With the election of Donald Trump, the People of the Gun eagerly looked forward to moving the ball forward on gun rights. We had great goals of taking suppressors out from under the National Firearm Act. What's more, we saw national reciprocity as attainable. Obviously none of that has taken place. So what happened and where do we go from here?
In a nutshell, the pending bills from the last Congress died when that session ended. Why didn't we get votes on them? If I had to name one person as the primary obstacle, my finger would not point at Chuck Schumer or any of the Senate's radicals who hate guns. Instead, Kentucky's senior senator, Majority Leader Mitch McConnell killed them by sitting on them.
As bad as Paul Ryan showed himself to be, Mitch McConnell stabbed us in the back over and over last session. We had opportunities to pass all manner of gun rights legislation ranging from the Hearing Protection Act to National Reciprocity to plenty more. We had the votes to pass them by a simple majority in the Senate, either in straight up votes or as part of spending packages. And ol' Cocaine Mitch sat on them all and refused to grant a vote.
In my mind, when your friend stabs you in the back, it hurts a lot worse. Without fail, every time an election rolls around in Kentucky, ol' Mitch talks a great game about his pro-gun attitudes and credentials. And he brags how we're going to get things done in Congress.
Like so many politicians, too often their talk is worth the tank contents of your favorite Vactor Manufacturing sewage sucking truck.
Frankly, someone will re-introduce both the Hearing Protection Act and National Reciprocity this session. Oh wait, John Cornyn already did. And while they might squeak through the Senate one way or another, their passage in the House in today's political environment is somewhere between zero and none.
The Hearing Protection Act would take suppressors out of the National Firearms Act, making them much more readily available to regular gun owners. Some refer to suppressors as 'silencers'. Of course, suppressors don't really "silence" anything like Hollywood and fear-mongering, anti-gun politicians would have you believe.
Currently, someone wishing to own a suppressor must file the relevant NFA paperwork, pay a $200 transfer tax and wait. And wait. And wait a little longer for the Bureau of Alcohol, Tobacco, Firearms and Explosives to process the application.
Once again, the Hearing Protection Act of 2017 that would have ended that $200 tax and all the waiting has died. It had a whole lot of co-sponsors last session in the House of Representatives, but with the new Congress, we must start from scratch with a new bill.
National reciprocity would make your concealed carry license valid nationwide, just like your driver's license. Or your marriage certificate. Yes, plenty of us notice how state's rights suddenly become important to federal politicians when it comes to national reciprocity. If they didn't have double standards, they wouldn't have any at all.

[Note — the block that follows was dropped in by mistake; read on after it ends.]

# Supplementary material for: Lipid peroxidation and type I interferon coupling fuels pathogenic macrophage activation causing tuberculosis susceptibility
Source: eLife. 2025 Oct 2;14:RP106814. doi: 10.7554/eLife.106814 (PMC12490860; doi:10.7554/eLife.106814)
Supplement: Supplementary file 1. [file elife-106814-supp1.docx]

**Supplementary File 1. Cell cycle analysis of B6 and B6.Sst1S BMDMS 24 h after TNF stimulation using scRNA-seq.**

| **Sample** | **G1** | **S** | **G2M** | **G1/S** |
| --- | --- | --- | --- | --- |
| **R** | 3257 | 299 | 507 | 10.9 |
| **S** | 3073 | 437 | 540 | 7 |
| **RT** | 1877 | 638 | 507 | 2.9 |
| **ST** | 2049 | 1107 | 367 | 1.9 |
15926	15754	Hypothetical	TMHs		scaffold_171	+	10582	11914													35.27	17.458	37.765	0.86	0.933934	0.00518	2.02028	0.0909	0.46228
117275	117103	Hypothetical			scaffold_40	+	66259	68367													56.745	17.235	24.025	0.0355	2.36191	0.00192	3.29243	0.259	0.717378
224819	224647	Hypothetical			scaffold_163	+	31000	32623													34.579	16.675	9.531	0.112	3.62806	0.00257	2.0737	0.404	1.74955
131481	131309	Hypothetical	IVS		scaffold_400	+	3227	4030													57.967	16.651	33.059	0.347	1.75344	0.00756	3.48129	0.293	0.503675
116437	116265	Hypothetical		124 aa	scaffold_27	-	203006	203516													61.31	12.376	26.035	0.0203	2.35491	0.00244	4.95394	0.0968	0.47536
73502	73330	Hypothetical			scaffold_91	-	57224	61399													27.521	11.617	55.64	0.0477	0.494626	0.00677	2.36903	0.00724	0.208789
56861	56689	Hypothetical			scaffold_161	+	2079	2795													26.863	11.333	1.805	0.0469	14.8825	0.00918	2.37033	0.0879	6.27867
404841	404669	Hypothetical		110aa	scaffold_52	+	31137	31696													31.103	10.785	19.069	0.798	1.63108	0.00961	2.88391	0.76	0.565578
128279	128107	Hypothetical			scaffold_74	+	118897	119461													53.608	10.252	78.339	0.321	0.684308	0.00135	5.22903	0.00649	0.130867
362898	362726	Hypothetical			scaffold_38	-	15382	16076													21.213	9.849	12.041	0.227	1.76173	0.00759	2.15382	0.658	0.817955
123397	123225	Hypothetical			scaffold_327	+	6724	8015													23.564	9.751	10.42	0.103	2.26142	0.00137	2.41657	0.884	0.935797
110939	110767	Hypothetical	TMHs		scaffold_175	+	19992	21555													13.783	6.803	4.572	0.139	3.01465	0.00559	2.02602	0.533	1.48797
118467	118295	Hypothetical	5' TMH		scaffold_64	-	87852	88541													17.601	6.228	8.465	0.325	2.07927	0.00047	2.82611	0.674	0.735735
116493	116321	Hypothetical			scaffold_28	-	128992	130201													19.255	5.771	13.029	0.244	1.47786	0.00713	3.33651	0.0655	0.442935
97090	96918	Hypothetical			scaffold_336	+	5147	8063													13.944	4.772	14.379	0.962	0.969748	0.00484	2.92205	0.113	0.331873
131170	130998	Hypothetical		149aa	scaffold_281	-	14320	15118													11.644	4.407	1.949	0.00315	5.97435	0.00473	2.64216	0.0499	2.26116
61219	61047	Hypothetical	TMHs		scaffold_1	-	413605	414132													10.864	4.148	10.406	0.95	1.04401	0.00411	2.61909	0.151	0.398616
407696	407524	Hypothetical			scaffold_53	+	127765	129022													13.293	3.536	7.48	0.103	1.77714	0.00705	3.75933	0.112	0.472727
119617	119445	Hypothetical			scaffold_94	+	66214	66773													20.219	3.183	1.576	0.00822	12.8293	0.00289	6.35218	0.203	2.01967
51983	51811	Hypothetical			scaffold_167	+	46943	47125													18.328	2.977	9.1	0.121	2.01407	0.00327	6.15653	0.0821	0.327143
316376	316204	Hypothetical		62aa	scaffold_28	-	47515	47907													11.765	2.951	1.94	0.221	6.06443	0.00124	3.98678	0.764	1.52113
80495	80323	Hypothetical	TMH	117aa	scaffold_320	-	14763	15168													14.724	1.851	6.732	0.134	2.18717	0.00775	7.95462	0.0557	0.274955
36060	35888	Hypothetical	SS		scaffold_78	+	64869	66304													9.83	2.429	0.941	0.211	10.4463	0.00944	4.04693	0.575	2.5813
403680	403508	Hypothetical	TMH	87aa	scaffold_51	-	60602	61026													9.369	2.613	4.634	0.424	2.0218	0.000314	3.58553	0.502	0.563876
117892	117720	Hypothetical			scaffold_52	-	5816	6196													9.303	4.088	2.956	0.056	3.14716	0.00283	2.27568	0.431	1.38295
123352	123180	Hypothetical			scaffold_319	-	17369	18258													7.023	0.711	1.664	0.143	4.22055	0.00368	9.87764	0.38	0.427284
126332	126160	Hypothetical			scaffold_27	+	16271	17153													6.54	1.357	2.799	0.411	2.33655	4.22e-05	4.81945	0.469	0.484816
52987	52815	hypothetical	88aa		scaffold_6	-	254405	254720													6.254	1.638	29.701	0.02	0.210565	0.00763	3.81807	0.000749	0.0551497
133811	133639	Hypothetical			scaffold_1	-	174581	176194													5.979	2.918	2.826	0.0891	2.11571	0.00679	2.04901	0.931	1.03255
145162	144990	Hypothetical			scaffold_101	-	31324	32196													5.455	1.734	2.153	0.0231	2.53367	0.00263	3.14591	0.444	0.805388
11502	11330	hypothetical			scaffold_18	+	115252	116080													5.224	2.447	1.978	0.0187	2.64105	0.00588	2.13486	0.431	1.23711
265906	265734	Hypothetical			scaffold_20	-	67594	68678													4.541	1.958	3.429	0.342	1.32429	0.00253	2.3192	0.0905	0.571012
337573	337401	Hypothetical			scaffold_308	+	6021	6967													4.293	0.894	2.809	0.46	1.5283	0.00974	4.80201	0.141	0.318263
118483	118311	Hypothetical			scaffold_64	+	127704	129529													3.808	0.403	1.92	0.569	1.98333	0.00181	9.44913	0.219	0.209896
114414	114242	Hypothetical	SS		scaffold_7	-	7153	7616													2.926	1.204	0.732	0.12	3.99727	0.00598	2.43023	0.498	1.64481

House Speaker Nancy Pelosi, fresh off two wins this past week (State of the Union and the government shutdown) thinks she has a huge tailwind. Given how Republicans — especially establishment GOPers — fold like cheap suits, she may just rule the roost on more than just guns and immigration. Time will tell.
Sure, President Trump would sign either the suppressor bill or national reciprocity in a heartbeat, but that doesn't matter if the bills don't reach his desk.
On the contrary, Democrats have either introduced or plan to introduce all manner of gun control measures this session. Like the pro-gun bills, these will likely never see the light of day in the Senate assuming they ever make it out of the House. And even if they would pass both the House and Senate, President Trump would likely veto them.
One that our own Luis worried about, the "universal background checks" bill, quickly became a hot mess. HR8, enacts universal background checks (otherwise known as a ban on private gun transfers). Not content with just that, sponsors also worked in a ban on handgun ownership for under 21s, open-ended fees, and requires background checks (and fees, and state-level waiting periods) to loan someone a gun for a day's hunting. Then more background checks (and fees, and waiting periods) to return the loaned gun.
While universal background checks by itself might have had a tiny prayer of passage if the planets perfectly aligned, the heavy-handed over-reach of HR8 bill has given it the life expectancy of a drug mule who had his load confiscated by police.
In short, gun legislation — both good and bad — will almost certainly remain at a stand-still at the federal level in the newly divided Congress. Not unlike it was under unified GOP control. Short of another Las Vegas Mandalay Bay-type massacre, gun control won't move anywhere outside of the House. Meanwhile, both sides will duke it out in the states and, in some cases, the local level. Not to mention the media.